How to Use Inclusive Language for Image Titles and Tags

Learn how we approach photo tagging at Noun Project and get tips for implementing inclusive language in your work.
Image of Grey Haired Woman Smiling Into Camera as an Example of Inclusive Language for Image Tags and Titles

Grey haired woman smiling in office by Winnie Vinzence
*see footnote for inclusive language tag examples for this photo

At Noun Project, we believe images have the power to shape, reinforce, and change perceptions. Our global community of contributors is building the most diverse and extensive collection of icons and mission-driven photos on the web, and each image on our platform is hand-curated for quality and subject matter. 

Over 90% of the images on Noun Project that depict people feature individuals from traditionally underrepresented backgrounds. Inclusive imagery challenges harmful stereotypes and promotes equality, ensuring that everyone can see themselves reflected in the media we’re surrounded by each day. As part of our commitment to diversity and inclusion in visual language, we have extremely high standards for the tags and titles that appear alongside the images in our collection. Our curation team constantly evolves our internal guidelines to ensure we consistently use the most up-to-date and appropriate language across our platform.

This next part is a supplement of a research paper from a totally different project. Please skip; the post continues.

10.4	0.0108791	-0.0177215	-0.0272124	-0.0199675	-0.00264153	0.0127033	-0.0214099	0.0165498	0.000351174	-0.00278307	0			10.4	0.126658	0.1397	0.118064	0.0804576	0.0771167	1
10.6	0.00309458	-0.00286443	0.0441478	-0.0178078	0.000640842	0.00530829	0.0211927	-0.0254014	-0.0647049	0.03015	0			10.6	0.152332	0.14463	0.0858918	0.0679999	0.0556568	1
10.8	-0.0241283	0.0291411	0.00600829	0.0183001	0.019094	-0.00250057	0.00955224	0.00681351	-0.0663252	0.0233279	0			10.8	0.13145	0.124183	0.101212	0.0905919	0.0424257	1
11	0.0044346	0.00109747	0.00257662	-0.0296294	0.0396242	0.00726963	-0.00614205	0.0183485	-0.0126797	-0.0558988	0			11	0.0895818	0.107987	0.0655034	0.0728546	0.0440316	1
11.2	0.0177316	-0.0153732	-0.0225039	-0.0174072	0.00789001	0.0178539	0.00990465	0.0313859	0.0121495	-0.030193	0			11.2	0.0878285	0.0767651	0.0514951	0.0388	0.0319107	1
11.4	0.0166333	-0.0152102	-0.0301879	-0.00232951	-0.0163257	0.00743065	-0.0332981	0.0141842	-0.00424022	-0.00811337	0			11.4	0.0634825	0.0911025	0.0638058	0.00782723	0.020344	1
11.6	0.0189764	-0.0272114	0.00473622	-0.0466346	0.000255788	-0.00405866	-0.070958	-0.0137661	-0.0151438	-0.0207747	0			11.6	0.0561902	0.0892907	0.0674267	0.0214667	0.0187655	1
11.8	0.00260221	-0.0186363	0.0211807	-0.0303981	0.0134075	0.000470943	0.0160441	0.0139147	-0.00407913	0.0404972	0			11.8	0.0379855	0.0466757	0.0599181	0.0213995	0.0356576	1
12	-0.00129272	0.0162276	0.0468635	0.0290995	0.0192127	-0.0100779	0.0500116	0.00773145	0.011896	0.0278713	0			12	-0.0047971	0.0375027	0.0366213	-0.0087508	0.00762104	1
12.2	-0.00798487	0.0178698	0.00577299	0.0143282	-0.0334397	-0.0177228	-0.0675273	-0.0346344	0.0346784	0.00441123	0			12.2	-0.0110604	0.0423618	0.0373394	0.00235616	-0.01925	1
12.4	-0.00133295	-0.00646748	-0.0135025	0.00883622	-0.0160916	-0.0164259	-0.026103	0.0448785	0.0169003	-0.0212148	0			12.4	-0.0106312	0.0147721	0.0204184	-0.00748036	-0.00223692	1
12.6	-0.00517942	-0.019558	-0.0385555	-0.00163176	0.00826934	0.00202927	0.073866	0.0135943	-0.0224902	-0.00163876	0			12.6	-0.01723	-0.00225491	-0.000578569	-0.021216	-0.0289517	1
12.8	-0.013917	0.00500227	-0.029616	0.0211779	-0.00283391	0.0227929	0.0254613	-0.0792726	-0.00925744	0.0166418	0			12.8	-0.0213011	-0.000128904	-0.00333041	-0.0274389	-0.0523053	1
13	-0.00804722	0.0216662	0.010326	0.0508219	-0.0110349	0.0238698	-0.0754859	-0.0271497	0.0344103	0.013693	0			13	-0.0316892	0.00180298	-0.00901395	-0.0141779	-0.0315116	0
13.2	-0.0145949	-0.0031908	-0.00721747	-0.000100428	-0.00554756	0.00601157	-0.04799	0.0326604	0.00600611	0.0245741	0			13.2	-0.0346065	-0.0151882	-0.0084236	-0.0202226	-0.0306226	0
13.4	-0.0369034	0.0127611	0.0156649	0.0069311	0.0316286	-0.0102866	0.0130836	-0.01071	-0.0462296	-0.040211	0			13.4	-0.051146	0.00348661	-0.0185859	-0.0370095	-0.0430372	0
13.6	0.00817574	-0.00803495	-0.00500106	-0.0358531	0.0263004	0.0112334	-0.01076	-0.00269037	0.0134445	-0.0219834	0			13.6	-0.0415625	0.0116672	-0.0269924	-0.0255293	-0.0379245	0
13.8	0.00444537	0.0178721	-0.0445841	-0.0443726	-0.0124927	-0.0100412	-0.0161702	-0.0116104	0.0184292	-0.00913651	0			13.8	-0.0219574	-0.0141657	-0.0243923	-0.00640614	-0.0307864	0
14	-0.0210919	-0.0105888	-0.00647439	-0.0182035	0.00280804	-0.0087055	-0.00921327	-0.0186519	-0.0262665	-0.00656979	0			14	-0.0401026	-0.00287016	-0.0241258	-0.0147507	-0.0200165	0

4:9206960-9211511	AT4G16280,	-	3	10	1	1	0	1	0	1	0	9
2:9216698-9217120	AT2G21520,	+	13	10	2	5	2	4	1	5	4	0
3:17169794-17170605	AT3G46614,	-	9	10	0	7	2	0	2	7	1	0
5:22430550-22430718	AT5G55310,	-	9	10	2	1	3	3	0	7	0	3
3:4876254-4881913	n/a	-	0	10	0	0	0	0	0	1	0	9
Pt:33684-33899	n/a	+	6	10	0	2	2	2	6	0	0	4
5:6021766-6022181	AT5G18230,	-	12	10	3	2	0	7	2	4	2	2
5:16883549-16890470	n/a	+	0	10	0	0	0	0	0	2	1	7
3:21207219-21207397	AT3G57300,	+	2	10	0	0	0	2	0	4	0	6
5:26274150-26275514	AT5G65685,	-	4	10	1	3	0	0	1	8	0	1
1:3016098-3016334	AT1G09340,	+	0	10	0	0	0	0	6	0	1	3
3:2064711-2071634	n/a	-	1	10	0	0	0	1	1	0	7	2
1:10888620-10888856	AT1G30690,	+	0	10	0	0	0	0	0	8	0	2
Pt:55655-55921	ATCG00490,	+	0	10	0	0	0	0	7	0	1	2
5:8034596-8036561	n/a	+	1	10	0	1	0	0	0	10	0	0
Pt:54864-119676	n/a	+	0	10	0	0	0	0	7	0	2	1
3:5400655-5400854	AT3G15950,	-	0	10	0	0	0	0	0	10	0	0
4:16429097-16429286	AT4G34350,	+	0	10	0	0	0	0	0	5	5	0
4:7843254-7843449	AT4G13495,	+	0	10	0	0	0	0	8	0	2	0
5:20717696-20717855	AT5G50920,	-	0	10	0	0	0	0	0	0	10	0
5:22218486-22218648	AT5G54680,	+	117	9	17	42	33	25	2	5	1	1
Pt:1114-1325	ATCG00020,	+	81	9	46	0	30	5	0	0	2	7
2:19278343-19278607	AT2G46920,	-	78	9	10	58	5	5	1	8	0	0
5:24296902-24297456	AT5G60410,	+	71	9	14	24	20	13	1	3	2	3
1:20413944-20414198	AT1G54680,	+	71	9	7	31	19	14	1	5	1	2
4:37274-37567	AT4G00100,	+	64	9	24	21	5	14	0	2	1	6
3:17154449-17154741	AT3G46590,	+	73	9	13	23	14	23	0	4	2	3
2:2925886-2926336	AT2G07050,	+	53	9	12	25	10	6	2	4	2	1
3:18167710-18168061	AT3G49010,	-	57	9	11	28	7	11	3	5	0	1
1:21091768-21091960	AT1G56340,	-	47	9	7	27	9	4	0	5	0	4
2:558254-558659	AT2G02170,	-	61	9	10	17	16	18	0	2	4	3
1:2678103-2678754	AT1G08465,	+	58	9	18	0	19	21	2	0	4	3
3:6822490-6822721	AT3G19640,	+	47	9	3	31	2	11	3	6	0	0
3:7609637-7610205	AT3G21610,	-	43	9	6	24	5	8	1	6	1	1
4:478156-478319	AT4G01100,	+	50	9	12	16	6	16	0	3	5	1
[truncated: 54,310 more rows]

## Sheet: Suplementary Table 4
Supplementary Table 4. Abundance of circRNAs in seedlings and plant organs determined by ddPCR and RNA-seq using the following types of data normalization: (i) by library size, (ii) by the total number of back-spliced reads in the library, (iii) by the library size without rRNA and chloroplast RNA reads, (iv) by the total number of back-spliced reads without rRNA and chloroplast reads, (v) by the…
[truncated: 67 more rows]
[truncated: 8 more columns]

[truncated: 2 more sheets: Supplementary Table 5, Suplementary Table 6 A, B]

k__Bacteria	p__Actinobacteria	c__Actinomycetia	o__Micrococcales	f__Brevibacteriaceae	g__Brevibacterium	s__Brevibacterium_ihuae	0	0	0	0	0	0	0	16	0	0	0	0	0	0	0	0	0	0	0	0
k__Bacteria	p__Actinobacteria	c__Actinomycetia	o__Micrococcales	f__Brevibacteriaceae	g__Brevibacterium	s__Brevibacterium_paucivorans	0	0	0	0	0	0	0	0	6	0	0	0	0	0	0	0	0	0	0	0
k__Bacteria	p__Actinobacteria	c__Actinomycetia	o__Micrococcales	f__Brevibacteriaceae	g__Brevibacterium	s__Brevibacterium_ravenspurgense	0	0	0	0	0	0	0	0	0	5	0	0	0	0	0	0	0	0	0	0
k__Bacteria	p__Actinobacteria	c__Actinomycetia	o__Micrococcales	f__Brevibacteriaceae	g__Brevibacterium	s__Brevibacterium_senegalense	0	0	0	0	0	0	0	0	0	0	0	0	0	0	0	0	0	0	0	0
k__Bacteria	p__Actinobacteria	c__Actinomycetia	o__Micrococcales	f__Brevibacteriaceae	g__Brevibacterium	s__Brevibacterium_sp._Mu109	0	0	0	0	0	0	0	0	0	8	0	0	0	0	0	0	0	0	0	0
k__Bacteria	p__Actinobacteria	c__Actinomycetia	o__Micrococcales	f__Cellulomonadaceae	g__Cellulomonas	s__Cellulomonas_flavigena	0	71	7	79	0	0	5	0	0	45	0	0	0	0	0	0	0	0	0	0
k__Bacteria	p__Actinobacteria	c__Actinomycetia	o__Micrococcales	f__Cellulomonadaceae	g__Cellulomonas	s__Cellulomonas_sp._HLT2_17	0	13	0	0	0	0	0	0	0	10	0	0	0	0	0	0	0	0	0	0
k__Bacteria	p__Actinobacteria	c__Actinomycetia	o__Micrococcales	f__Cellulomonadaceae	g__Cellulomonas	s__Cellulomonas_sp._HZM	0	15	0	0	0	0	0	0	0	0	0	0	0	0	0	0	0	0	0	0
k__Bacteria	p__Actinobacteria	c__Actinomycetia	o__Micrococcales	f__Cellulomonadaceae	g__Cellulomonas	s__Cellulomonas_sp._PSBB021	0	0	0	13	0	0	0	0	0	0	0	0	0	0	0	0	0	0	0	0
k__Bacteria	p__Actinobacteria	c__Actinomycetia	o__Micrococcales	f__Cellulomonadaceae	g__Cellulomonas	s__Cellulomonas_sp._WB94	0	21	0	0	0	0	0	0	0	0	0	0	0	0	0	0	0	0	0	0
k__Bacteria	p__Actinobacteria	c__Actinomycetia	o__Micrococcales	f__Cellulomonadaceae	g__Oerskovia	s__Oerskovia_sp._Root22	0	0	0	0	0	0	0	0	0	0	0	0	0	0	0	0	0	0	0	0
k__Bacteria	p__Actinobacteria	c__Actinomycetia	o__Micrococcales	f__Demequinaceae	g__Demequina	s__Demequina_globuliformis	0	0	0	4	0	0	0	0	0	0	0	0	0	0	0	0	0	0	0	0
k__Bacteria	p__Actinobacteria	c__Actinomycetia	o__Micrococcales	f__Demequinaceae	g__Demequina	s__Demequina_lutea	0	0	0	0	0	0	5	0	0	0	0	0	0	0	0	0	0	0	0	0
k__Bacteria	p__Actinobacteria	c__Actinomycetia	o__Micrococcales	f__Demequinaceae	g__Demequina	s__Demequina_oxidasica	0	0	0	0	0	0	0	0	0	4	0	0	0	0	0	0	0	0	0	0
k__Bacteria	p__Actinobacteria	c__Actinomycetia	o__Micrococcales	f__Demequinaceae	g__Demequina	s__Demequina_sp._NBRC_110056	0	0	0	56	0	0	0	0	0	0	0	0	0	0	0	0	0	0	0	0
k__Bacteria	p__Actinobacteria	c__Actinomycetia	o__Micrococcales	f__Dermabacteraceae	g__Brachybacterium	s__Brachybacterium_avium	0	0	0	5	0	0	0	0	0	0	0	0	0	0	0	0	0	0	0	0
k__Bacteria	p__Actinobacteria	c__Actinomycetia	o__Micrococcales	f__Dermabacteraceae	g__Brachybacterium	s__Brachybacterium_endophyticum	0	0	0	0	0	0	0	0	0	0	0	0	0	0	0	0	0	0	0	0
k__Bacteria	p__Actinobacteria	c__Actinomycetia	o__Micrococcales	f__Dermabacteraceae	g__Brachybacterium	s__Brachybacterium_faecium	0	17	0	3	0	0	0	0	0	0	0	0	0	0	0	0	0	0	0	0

We’ve created this inclusive language guide for image tags and titles to illustrate the importance of using appropriate terms, provide an overview of our process, and share resources you can use for your own work. 

Excited child holding hands out with finger paint on them, by Denis Kuvaiev
Appropriate DEI Tags: girl, female, child, 0-09 years, disability, Down syndrome, white person

What are Image Tags and Titles?